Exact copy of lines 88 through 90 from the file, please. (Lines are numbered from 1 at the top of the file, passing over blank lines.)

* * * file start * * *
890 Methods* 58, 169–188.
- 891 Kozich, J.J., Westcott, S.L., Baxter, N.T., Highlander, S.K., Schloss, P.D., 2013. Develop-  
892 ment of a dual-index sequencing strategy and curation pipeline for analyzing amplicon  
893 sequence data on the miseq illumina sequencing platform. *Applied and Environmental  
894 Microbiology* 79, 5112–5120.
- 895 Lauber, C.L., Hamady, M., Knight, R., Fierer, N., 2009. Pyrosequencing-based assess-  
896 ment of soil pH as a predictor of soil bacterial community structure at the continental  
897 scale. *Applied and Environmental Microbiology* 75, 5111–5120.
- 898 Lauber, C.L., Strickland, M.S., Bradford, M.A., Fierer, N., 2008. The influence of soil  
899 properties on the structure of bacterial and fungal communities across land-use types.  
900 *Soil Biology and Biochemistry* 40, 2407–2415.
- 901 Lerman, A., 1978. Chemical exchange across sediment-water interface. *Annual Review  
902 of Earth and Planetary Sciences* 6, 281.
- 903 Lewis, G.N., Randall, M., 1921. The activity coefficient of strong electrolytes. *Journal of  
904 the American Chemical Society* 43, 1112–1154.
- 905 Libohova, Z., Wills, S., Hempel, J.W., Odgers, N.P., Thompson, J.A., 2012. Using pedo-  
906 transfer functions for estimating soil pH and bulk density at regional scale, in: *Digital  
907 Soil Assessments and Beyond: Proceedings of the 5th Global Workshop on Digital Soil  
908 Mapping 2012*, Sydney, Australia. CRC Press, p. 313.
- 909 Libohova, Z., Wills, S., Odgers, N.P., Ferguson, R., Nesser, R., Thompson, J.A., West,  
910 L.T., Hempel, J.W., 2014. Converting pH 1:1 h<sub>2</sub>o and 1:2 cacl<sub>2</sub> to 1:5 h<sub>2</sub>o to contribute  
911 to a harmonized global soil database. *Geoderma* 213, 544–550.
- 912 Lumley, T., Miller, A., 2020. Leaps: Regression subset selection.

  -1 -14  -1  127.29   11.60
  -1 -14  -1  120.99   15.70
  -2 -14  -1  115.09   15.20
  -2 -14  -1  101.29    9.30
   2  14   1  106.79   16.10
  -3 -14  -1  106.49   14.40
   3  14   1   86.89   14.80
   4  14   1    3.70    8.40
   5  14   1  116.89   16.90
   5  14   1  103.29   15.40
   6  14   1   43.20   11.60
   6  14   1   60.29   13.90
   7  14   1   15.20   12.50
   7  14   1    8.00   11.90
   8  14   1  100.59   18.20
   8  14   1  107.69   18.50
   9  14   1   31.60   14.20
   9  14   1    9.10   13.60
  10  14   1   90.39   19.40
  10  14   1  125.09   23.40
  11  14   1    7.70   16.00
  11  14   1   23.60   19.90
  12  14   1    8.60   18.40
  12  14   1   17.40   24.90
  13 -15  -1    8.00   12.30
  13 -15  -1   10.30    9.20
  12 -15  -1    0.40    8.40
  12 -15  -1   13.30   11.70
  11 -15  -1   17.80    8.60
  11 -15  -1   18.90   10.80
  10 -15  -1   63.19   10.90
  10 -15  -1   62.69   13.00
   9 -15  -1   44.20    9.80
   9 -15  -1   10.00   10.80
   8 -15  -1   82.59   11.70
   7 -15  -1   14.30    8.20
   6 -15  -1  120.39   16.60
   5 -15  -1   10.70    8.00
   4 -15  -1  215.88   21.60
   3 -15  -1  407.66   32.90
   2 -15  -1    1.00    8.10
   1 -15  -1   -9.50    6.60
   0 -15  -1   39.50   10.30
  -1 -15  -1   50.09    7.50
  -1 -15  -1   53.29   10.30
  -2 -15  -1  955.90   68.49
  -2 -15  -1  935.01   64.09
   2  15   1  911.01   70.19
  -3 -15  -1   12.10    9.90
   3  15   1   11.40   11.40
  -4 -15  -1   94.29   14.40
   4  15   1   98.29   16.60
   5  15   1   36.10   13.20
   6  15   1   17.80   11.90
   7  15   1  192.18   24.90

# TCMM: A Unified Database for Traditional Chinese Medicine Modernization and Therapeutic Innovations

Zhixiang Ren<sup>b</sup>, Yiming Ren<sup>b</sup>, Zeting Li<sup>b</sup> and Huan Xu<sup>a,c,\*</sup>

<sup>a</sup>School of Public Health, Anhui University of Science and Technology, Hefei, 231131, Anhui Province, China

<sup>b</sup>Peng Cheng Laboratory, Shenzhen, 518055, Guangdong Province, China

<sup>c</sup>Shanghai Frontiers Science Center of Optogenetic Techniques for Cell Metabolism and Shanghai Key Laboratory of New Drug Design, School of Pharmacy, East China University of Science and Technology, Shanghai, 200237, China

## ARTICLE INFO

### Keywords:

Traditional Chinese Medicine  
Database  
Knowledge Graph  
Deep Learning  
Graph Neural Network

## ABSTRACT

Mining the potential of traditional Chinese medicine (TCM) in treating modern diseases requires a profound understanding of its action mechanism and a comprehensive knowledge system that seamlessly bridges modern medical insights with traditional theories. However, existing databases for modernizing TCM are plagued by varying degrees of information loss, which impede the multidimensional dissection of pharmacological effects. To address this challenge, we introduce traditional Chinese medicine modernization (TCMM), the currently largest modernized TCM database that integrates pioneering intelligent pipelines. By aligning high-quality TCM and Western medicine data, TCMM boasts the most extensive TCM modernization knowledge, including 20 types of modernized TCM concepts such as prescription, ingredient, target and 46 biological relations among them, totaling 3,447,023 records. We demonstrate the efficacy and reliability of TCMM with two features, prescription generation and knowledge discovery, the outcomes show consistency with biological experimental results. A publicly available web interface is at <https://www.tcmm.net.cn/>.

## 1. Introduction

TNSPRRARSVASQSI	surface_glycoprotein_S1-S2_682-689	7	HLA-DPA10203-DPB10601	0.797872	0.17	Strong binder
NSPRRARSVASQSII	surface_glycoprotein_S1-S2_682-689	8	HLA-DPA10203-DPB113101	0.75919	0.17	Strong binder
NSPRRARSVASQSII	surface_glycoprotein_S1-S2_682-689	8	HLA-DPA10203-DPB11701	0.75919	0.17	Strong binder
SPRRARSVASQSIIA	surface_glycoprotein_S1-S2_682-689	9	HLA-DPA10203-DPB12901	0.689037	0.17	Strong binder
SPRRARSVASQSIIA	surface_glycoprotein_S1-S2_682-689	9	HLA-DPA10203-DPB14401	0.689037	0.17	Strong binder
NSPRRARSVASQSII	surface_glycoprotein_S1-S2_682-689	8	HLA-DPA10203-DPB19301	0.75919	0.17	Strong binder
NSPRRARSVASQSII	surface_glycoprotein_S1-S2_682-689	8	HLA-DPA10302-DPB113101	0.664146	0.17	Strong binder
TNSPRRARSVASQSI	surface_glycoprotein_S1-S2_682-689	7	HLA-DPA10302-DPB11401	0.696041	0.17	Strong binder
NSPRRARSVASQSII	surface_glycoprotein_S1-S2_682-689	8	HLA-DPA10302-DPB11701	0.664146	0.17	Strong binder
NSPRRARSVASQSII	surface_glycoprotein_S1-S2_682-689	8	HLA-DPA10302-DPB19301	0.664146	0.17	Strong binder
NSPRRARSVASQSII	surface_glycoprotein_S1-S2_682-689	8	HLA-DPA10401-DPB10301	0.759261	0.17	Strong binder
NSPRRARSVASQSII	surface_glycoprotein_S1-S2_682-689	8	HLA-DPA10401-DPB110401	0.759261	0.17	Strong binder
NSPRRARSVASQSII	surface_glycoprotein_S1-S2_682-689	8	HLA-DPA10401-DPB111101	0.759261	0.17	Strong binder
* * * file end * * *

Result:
Knowledge Graph  
Deep Learning  
Graph Neural Network